x Abu Dhabi, UAESunday 23 July 2017

Prosperity is tied to a strong work ethic

Like any other nation, work is the foundation of the UAE, and young people need to recognise the opportunities they have before them.

All over the developed world, governments are struggling with welfare budgets, trying to find the right balance between incentives to work and a welfare level that does not encourage people to remain idle. In the UAE, a similar problem exists. Though population numbers and vast resources mean it is a smaller challenge, this issue is nonetheless one officials must get right, and soon.

The value of work goes beyond merely earning a salary. As Mona Al Za'abi, head of the Work is Life programme at the Ministry of Social Affairs, told The National, "There is a misconception of the value of work, and a perception that benefits are a granted right that many see no reason to give up."

The ministry's social safety net currently has 15,000 Emiratis on its books, people who are receiving assistance but are also able to work. To encourage some of those to give up their dependency on the state, Ms Al Za'abi has mooted the idea of removing benefits from those who turn down three job offers.

Ms Al Za'abi's words will seem tough to many of those unemployed. But her logic is sound. Work is the foundation of any nation and young people the world over need to recognise the opportunities they have before them. In the UAE these opportunities were unimaginable just a decade ago. Ms Al Za'abi says the problem of those unemployed refusing jobs is especially acute among women, some of whom refuse to accept jobs with high salaries if they feel the job is not "prestigious" enough.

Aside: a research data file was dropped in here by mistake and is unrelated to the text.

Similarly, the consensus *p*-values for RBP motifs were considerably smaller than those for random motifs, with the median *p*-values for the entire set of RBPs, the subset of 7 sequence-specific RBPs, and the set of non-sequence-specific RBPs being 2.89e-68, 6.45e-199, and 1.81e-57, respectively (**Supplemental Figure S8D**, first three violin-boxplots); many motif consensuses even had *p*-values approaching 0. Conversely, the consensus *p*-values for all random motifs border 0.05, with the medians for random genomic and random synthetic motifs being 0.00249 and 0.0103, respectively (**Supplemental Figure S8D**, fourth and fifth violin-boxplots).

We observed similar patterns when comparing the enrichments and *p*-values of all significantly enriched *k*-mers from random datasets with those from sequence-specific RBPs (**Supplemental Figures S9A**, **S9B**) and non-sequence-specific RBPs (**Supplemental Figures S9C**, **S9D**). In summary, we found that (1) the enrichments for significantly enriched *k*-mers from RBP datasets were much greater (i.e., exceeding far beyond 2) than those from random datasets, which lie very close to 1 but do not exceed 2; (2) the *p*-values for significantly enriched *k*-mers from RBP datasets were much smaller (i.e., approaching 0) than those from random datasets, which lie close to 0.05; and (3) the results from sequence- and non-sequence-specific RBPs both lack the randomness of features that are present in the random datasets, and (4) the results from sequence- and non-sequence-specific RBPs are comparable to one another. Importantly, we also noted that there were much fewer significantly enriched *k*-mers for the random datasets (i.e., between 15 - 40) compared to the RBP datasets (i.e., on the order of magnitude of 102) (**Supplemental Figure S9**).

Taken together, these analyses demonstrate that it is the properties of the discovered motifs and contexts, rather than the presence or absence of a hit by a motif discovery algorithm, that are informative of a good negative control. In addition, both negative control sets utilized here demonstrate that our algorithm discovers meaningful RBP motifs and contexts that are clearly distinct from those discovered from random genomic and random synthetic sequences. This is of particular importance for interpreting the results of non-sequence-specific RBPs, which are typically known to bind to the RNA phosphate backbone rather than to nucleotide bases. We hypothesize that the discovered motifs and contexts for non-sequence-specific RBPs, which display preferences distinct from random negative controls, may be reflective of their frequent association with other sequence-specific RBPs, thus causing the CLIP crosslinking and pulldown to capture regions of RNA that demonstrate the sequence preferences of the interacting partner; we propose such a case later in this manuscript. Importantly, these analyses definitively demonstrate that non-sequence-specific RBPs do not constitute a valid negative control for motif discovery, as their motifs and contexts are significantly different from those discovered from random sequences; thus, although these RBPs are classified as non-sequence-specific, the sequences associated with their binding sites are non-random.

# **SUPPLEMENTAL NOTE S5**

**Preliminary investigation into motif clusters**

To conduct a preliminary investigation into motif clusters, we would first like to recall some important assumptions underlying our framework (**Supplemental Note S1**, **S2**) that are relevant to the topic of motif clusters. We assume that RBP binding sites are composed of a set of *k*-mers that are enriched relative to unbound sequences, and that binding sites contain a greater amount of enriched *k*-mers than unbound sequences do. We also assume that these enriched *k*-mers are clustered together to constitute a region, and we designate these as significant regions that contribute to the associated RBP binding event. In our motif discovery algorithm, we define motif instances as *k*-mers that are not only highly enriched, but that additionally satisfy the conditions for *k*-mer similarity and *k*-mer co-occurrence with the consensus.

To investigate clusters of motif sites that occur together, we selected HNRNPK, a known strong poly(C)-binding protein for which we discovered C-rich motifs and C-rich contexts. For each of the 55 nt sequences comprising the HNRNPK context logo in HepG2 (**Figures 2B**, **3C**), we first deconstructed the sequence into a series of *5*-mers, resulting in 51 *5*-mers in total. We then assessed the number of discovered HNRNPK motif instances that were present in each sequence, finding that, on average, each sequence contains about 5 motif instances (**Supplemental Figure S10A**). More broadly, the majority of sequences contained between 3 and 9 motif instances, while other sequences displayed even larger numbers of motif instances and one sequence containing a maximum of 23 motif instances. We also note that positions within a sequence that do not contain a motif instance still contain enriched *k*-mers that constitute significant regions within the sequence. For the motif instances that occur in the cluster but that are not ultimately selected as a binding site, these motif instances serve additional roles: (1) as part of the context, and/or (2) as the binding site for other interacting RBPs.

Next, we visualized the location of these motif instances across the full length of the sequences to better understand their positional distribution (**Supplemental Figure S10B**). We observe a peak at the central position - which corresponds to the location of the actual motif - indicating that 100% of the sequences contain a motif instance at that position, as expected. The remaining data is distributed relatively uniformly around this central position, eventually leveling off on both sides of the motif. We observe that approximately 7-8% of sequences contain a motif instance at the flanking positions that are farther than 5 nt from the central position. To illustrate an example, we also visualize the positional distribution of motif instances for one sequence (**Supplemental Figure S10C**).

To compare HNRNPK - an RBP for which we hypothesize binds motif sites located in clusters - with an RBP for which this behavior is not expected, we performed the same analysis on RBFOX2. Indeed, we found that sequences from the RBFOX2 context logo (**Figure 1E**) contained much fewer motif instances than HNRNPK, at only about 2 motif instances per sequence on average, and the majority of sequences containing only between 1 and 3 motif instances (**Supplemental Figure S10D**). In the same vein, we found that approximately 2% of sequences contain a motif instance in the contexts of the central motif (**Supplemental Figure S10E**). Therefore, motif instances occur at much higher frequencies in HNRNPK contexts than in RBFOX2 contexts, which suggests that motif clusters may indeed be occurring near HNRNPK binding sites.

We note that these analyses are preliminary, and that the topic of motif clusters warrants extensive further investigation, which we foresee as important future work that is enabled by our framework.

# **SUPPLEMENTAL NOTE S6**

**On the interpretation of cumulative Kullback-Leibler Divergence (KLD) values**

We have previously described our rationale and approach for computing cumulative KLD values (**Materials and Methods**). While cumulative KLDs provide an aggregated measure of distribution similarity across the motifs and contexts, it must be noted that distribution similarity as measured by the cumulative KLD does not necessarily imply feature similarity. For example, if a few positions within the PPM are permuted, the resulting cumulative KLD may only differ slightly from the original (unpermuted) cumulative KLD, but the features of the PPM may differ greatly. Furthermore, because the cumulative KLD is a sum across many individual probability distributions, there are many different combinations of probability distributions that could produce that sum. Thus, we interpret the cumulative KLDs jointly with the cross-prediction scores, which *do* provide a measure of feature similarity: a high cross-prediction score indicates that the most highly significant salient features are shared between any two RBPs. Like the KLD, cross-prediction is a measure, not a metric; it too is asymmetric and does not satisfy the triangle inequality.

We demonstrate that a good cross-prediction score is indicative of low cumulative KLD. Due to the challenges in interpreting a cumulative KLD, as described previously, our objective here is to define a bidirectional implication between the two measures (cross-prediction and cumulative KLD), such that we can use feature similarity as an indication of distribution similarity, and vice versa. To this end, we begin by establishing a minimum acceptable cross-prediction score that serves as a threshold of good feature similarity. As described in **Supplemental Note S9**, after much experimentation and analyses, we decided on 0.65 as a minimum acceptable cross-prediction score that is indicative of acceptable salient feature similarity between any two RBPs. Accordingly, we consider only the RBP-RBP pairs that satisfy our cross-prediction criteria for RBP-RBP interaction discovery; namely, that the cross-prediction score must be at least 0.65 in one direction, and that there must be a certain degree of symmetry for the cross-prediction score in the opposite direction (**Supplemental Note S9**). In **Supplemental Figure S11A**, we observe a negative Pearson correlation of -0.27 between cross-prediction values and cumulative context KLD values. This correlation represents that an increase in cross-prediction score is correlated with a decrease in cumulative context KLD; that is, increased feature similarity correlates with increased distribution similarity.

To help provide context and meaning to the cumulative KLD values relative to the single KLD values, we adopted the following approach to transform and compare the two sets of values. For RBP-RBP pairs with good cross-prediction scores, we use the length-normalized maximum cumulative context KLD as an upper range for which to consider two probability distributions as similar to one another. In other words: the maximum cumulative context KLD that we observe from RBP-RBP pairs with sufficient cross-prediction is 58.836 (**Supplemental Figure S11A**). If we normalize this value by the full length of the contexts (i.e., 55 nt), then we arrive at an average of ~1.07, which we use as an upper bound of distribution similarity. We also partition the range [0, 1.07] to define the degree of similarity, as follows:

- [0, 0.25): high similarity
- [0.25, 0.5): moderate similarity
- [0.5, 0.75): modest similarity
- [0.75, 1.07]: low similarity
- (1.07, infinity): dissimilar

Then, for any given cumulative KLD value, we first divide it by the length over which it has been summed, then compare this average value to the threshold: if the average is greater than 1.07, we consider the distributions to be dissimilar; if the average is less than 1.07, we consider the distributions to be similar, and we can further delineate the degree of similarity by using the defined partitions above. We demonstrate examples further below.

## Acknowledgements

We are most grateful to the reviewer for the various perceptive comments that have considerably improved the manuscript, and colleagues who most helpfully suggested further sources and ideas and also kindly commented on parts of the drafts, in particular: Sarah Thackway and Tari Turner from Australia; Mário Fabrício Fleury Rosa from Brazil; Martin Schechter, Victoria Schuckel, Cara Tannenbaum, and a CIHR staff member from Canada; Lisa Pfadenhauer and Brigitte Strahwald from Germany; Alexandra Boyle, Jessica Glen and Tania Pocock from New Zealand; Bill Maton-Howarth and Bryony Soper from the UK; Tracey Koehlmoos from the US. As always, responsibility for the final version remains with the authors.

In such cases, a two-prong approach is needed. Naturally, people should not be forced to accept work that would violate their ethics; if families of young women do not wish them to travel outside of their emirate, for instance, that is a reasonable reason to decline a job. But declining an offer because it is insufficiently prestigious is not a question of ethics.

Those who feel that taking a job in a mall or doing shift work is somehow "below" them have a skewed view of the value and importance of work. A work ethic is like a muscle; it builds from repeated exertion.

The Work is Life programme is vital to the prosperity of Emiratis and the nation. The suggestion from Ms Al Za'abi is worth considering. Once the unemployed see that they cannot expect a free ride forever, they will be more likely to make the most of the opportunities presented.